SAN CRISTOBAL DE LAS CASAS, Mexico (AFP) - Pope Francis asked Mexico's indigenous population on Monday (Feb 15) for forgiveness over the exclusion they have suffered as he led a mass in native languages in impoverished Chiapas state.
The pope said a short phrase in one of the southern region’s native tongues in a sign of his effort to reach out to indigenous communities of the country’s poorest and least Catholic state.
Tens of thousands of people flocked to a sports field in the southern city of San Cristobal de las Casas for the service, as women dressed in embroidered dresses led biblical readings and hymns in the Chol, Tzotzil and Tzeltal languages.
“On many occasions, in a systematic and organised way, your people have been misunderstood and excluded from society,” the 79-year-old Argentine-born pontiff said.
“Some have considered your values, culture and traditions to be inferior. Others, intoxicated by power, money and market trends, have stolen your lands or contaminated them. How sad this is,” he said.
“How worthwhile it would be for each of us to examine our conscience and learn to say, ‘Forgive me!’”
The pope issued a decree allowing indigenous languages to be used during Catholic masses. More than a quarter of Chiapas’s population speaks an indigenous language.
“If the church is to stop the hemorrhaging of indigenous (populations) in Chiapas and across Latin America, it must offer more masses in indigenous languages and recruit indigenous priests who are very small in numbers,” Andrew Chesnut, religious studies professor at Virginia Commonwealth University, told AFP.
While Mexico is the world’s second most populous Catholic nation after Brazil, with 82 per cent of its population of 122 million identifying with the religion, only 58 per cent are loyal to the Vatican in Chiapas.
“Long live the pope of the indigenous people!” some shouted from the roofs of their homes as the pope arrived at the field, where a replica of the yellow facade of the city’s cathedral served as background to the large stage.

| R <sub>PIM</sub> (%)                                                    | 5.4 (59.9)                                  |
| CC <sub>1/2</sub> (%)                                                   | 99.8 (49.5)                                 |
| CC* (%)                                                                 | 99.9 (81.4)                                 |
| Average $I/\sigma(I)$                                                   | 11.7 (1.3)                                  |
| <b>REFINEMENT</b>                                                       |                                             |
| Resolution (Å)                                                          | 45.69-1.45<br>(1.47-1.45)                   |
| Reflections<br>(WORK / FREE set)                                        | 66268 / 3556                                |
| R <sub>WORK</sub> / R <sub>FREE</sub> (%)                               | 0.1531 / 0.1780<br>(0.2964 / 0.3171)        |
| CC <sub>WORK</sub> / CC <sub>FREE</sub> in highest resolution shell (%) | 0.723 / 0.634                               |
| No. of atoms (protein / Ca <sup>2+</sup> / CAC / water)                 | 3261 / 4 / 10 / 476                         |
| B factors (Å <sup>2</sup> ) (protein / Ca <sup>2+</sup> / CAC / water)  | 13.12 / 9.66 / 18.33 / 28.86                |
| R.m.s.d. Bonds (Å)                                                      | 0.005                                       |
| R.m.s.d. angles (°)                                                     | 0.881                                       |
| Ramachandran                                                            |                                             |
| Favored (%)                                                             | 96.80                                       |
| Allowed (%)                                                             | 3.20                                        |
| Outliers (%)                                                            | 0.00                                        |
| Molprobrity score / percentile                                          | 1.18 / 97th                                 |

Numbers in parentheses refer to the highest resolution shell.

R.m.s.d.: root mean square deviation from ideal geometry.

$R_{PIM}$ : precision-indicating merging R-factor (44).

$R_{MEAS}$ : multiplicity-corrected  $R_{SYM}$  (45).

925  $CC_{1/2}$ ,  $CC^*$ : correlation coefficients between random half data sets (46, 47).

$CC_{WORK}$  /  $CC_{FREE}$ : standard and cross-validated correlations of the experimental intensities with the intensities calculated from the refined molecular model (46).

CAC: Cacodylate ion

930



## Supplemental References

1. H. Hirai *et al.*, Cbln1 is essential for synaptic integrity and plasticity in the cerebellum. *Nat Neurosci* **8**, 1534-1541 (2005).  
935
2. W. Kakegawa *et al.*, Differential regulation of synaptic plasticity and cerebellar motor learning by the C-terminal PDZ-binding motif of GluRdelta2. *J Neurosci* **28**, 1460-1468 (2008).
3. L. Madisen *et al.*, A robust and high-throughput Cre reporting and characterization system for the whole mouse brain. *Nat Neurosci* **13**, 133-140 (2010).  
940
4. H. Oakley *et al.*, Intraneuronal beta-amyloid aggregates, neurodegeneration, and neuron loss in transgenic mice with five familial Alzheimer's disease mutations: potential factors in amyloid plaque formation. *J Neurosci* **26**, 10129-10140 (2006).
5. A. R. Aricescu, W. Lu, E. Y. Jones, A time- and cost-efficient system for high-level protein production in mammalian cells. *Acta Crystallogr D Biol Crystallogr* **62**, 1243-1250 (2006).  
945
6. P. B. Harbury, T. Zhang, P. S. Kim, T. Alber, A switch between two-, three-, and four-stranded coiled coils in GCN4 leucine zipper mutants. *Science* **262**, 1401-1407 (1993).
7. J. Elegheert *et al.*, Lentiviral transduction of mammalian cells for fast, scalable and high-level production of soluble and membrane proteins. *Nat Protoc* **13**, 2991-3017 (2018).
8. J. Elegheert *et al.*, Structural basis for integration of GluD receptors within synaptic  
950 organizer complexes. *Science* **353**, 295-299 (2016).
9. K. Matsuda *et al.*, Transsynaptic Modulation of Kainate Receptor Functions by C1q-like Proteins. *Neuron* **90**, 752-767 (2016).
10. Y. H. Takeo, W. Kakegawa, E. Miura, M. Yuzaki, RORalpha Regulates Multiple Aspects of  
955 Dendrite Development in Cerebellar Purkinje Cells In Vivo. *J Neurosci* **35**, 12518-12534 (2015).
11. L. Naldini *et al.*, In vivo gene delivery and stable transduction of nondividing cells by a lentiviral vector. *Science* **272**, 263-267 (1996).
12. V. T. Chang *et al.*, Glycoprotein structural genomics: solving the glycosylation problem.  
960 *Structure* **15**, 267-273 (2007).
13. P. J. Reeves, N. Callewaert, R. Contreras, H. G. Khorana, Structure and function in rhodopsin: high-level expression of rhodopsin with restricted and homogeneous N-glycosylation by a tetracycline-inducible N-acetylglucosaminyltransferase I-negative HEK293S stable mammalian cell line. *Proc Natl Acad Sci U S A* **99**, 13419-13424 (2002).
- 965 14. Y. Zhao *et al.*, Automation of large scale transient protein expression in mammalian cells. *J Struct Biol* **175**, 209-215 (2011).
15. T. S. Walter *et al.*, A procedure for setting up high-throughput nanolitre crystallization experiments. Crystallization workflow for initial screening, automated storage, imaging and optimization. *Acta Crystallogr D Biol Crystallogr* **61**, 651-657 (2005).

The pope’s visit comes in the middle of an intense, five-day trip that he has used to speak out against crime and corruption.
Pope Francis also used the mass to warn that the Earth faces “one of the greatest environmental crises in world history,” saying that indigenous people have much to teach about how to “interact harmoniously with nature.”
After the mass, Francis will visit San Cristobal’s cathedral, where he is expected to visit the tomb of Samuel Ruiz, a bishop who defended the causes of the Mayan people and acted as mediator between the government and the Zapatista guerrilla movement that rose up in 1994.
Lingering tensions over the state’s social problems reemerged last week, when around 100 indigenous people protested in front of San Cristobal’s cathedral and spray-painted the words “we don’t want the pope, we want justice” on its yellow walls.
But the demonstrators dispersed over the weekend, authorities repainted the cathedral. During his visit, a family will show him funds that were collected to build two new shelters for migrants in a region that is a gateway for Central Americans who risk their lives in a gang-infested journey to the United States.
The first Latin American pope – himself the son of Italians who migrated to Argentina – has staunchly defended migrants.
During a huge mass on Sunday in Ecatepec, a Mexico City suburb, he urged Mexicans to build a nation where “there will be no need to emigrate in order to dream.”
But Alejandro Solalinde, a priest known as an activist for migrant rights, said that while the pope has made “migrants his pastoral priority,” his message will “not change the heavy-handed public policy” on migration.
Mexican authorities launched a crackdown on illegal migration along its southern border with Guatemala in 2014 following a crisis of unaccompanied child migrants to the United States.
Later, the pope will have lunch with two local bishops and eight indigenous Mexicans. He will also meet indigenous families in neighboring Tuxtla. But not all were in a festive mood.
“We know that the government wants to hide things or make it seem that everything is all right. But we know that this is not true,” said Octavio Gomez, a 45-year-old Tzeltal. “There are problems: Poverty, marginalization, displaced people.”